Filipino consumers must become responsible digital citizens to protect themselves from internet-based crimes, and while there are existing laws against cybercrimes, the government and the private sector must work together to educate and empower the people against falling prey to cybercriminals, an advocacy group said.
“The pandemic has pushed most of us to shift our activities online,” said lawyer Tim Abejo, co-convenor of CitizenWatch Philippines. “We now do our banking, shopping, schooling, over the internet. We order food online and do our work from home. These have their benefits, of course, but they also carry great risk.”
Abejo said that while these internet transactions result in convenience and efficiency, they also bring the danger of abuse and exploitation in many forms. “There are many who are out to take advantage of unsuspecting internet users. We have to make sure that our people arm themselves against these online predators.”
During the pandemic period, the number of cyber tips received by the Department of Justice—Office of Cybercrime tripled to 1.2 million in 2020 from just 400,000 the previous year. Most common among internet crimes are fraud, sexual abuse and exploitation, bullying, and identity theft.
Targeting the vulnerable
Abejo cited the UNICEF finding that prolonged lockdowns have made children and young people more vulnerable because these resulted in extended hours online.
“For two years now, they cannot go out to play or go to school or to meet their friends,” said Abejo.
“Instead, they are constantly online to study, play or socialize. This provides predators the opportunity to manipulate them for their own gains.”
Meanwhile, the public has also seen a rise in incidents of hacking of online bank accounts.
“Sure, there have been arrests. But these people are always one step ahead and they are bound to come up with newer, more sophisticated ways to launch cyber-attacks,” Abejo said.
The Bankers Association of the Philippines said more than P1 billion was lost last year due to cyber fraud.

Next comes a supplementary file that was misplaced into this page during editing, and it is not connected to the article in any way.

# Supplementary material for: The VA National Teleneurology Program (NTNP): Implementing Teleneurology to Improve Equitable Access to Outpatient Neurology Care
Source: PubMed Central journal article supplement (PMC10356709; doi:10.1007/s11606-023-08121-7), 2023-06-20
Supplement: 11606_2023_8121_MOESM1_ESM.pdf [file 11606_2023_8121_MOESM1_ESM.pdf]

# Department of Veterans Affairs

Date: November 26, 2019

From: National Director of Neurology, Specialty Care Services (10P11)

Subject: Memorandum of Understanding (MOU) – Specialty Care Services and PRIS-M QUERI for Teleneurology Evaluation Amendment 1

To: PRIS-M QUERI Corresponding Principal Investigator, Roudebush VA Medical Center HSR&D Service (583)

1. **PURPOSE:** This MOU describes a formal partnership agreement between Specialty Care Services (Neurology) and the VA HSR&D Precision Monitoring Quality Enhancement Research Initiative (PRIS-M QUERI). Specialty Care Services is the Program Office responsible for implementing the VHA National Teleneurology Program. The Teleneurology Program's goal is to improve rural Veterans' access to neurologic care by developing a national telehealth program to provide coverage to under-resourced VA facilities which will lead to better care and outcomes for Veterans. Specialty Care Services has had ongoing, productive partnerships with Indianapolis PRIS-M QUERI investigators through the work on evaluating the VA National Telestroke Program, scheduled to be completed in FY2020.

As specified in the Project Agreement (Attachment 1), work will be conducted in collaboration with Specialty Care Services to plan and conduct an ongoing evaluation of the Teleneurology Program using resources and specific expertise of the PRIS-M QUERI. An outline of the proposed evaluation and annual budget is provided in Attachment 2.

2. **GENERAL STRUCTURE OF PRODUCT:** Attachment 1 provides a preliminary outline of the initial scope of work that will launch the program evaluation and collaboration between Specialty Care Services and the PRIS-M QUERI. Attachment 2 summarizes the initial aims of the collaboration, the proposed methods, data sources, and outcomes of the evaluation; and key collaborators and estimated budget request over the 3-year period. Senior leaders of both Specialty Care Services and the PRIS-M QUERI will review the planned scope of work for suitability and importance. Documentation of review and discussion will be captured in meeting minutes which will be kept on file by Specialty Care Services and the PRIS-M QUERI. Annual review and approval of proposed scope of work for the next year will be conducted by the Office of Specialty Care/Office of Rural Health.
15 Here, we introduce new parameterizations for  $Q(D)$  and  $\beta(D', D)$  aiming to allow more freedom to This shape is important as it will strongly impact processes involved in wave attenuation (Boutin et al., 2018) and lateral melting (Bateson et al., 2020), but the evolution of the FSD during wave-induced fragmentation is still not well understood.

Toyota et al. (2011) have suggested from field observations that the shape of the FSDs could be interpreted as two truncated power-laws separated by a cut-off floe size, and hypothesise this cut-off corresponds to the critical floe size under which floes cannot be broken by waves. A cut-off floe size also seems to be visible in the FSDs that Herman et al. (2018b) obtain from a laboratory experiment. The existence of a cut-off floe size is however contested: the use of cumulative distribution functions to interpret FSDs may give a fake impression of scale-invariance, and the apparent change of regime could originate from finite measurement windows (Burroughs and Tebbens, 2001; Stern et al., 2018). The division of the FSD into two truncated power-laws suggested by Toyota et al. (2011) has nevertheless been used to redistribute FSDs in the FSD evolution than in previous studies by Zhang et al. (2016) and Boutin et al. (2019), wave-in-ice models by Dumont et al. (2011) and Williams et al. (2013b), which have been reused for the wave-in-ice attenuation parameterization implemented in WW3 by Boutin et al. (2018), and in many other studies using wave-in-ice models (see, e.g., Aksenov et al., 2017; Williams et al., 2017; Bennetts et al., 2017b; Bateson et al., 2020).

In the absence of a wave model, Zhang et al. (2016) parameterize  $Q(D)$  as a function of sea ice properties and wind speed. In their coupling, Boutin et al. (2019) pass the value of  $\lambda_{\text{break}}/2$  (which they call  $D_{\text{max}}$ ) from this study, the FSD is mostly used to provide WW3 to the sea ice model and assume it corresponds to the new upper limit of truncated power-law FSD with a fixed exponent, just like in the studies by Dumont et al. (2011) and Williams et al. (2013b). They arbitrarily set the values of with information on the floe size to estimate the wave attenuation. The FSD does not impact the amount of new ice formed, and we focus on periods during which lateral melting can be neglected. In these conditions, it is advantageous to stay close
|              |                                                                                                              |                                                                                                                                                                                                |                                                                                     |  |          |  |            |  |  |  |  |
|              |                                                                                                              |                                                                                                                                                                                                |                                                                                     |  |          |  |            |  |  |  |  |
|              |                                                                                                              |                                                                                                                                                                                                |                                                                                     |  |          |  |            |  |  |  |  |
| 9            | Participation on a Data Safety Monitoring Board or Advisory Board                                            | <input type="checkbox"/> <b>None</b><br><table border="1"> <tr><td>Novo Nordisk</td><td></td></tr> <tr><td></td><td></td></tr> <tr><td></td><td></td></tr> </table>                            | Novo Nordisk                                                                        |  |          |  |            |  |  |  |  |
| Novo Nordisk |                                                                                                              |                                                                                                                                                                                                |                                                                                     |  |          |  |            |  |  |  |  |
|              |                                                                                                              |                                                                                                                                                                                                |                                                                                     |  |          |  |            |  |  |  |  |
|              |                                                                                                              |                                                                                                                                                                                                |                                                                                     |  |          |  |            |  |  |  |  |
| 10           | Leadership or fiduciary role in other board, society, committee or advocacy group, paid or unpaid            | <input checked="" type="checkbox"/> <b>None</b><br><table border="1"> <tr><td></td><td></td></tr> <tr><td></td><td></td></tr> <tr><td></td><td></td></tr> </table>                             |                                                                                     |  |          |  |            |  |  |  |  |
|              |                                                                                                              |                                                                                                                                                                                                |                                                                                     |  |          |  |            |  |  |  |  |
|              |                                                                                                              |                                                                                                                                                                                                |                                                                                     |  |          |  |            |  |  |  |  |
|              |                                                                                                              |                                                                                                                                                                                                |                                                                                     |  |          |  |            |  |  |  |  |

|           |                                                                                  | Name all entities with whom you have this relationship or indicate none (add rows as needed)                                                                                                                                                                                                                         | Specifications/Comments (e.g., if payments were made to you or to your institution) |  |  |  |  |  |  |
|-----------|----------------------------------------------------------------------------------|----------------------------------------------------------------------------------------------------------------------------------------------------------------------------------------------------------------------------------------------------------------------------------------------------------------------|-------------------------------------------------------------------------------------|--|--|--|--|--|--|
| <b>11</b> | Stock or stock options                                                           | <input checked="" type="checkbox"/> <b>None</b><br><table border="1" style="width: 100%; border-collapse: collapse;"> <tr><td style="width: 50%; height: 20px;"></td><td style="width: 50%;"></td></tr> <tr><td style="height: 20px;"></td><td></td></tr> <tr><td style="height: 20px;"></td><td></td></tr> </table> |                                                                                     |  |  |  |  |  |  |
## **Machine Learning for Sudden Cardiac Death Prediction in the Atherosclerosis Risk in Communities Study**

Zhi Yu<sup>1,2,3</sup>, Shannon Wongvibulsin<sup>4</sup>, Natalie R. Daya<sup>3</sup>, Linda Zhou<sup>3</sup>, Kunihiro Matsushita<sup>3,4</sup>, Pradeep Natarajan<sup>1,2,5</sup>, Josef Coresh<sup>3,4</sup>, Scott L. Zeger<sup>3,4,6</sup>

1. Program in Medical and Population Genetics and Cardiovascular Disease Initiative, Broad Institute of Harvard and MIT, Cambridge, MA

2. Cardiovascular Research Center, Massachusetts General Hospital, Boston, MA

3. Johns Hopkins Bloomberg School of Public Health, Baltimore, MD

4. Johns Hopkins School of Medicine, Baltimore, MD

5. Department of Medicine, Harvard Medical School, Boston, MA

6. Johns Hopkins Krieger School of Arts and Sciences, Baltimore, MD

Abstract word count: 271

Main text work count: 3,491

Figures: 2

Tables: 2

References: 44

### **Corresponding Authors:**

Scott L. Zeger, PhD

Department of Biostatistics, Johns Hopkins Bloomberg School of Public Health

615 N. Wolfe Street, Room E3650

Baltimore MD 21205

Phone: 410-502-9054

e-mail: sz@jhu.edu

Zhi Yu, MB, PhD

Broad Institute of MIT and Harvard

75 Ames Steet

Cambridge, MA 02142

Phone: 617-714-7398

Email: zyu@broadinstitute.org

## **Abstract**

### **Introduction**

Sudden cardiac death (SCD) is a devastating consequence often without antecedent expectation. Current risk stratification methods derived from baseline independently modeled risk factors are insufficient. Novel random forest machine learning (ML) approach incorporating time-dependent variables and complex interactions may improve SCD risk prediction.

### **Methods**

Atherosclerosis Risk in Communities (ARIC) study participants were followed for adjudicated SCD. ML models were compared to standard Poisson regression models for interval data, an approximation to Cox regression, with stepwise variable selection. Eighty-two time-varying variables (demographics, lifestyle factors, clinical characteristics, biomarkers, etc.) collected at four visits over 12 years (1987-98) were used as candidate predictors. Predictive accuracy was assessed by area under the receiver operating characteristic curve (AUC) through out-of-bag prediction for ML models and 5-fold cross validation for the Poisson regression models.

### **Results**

“These criminals are so ingenious,” Abejo said. “They dupe people into disclosing sensitive information through innocent- or legitimate-looking emails, text messages, or even social media posts.”
He said that ransomware is becoming more prevalent in the Philippines, where malicious software—malware—gains access to a computer system, which would become inaccessible unless the user pays ransom.
Laws and public private partnerships
“To be sure, there is no dearth of laws protecting the public from cybercrimes,” Abejo said.
“The laws range from the broader Cybercrime Prevention Act to data privacy, to preventing online sexual abuse and exploitation, to those protecting the integrity of electronic transactions or strengthening financial literacy for consumers in the digital economy,” he said, citing that the real challenge is making the people aware that these laws do exist and enforcing them in this context.
Abejo proposed that, “Government should incentivize private initiatives to engage the education sector such as the Digital Thumbprint Program of digital solutions company Globe in partnership with the Department of Education that has integrated into the curriculum the training of young students to be knowledgeable in cybersecurity and responsible digital citizenship.”
“More public private engagements in digitally powered interventions can give free online access to workshop modules to arm people with the knowledge and attitude to responsibly and safely navigate the internet,” Abejo added.
A common concern
According to Abejo, empowering Filipinos to be aware of and fight online risks is a collective effort that must be undertaken by the government, the private sector, civil society, and the education sector.
“Specifically, telcos and ISPs should partner with the government to engage in an aggressive and sustained education program to raise awareness of online dangers,” Abejo said.
“Technology is good because it allows societies to be productive and innovative, and reach their potential,” he said.
“We must manage the inherent risks and learn how to protect ourselves against those who think they can use theinternet to advance their criminal interests.”
“As we are now in a highly digital world, we must choose leaders who can be digital transformation champions to address digital readiness gaps that can delay our recovery from the pandemic crisis,” Abejo said.